What should be the focus of history in the emergent management of pediatric patients with fever?

Updated: Jul 23, 2019
  • Author: Hina Z Ghory, MD; Chief Editor: Russell W Steele, MD  more...
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Answer

Answer

The clinician should ask the patient's parents or caretakers about the following items when they bring in a febrile or ill-appearing child:

  • Immunization history, such as recent vaccination or a history of inadequate immunizations

  • History of exposure to sick contacts and treatments, such as antibiotics

  • Recent travel history

  • History of previous hospitalization, prolonged ICU stay, prematurity, or immunocompromised diseases

  • History of change in mental status, change in eating and/or behavioral patterns such as irritability, lethargy, or apnea

  • History of neglect or abuse

  • Documented fever at home, the duration of any fever, and the last treatment (if any) for the fever

Environmental factors, such as being in the heat for a long time during the summer and being overdressed during the winter, may indicate a risk for hyperthermia.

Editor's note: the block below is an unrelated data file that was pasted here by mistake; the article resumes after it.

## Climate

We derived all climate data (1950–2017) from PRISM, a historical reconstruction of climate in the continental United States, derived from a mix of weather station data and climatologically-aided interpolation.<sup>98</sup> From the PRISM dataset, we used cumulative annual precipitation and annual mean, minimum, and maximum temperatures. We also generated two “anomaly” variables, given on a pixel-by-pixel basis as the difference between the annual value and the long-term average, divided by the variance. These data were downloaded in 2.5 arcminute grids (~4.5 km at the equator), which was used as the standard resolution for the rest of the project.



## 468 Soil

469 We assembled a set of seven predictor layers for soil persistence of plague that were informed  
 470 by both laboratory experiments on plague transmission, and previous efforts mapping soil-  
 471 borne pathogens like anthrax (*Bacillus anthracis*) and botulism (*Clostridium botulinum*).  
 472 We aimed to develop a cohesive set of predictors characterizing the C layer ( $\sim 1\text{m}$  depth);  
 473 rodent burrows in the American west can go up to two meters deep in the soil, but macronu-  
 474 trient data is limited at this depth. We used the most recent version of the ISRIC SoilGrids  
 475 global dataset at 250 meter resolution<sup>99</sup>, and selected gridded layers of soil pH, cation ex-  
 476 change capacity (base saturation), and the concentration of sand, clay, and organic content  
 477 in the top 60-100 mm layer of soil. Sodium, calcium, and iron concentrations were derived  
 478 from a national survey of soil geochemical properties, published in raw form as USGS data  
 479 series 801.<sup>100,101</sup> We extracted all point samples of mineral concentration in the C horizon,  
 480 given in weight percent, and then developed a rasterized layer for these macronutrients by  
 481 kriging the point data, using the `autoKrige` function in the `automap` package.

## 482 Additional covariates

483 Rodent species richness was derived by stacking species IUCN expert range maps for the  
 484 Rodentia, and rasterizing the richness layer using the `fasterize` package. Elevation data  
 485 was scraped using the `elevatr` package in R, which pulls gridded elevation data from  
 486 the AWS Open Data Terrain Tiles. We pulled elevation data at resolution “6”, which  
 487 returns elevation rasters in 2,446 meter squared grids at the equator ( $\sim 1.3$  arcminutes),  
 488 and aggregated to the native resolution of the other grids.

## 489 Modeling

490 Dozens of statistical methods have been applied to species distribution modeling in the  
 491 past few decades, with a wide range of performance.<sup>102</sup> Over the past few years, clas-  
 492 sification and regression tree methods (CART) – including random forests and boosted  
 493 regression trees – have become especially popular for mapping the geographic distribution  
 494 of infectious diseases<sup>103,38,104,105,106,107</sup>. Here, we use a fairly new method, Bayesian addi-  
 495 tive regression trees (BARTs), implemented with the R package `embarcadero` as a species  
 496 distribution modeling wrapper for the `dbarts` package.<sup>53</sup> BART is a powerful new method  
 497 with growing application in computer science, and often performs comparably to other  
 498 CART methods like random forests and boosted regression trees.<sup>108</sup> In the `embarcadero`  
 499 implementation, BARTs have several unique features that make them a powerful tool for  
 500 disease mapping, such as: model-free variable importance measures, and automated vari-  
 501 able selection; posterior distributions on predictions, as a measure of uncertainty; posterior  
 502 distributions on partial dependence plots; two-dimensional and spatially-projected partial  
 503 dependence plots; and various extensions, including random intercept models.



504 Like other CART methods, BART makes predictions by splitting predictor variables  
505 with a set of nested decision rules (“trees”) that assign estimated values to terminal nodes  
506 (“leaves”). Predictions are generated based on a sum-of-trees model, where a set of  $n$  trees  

The neonate (birth to 28 days)

The history of the neonate is explored for possible symptoms of poor feeding, vomiting, poor social interaction, changes in the quality of crying, and possible apneic episodes. Any of these findings are reasons to consider serious bacterial infection and may warrant further investigation and laboratory evaluation.

The birth history is explored to ascertain risk factors for underlying pathology, such as prematurity, maternal infections (eg, group B Streptococcus, sexually transmitted diseases such as genital herpes simplex), and congenital or chronic disease states. Neonates at risk for congenital herpes are those born to mothers with a history of recent genital infection and high-risk sexual activity; delivery-related risk factors include rupture of membranes for longer than 6 hours and use of a scalp electrode.

Neonates who present with irritability, seizures, respiratory distress, jaundice, or a characteristic vesicular rash should be considered at risk for neonatal herpes. Note that 10-50% will not develop skin lesions during the course of their illness. [21]

The history is also explored for previous diagnostic studies and their results.


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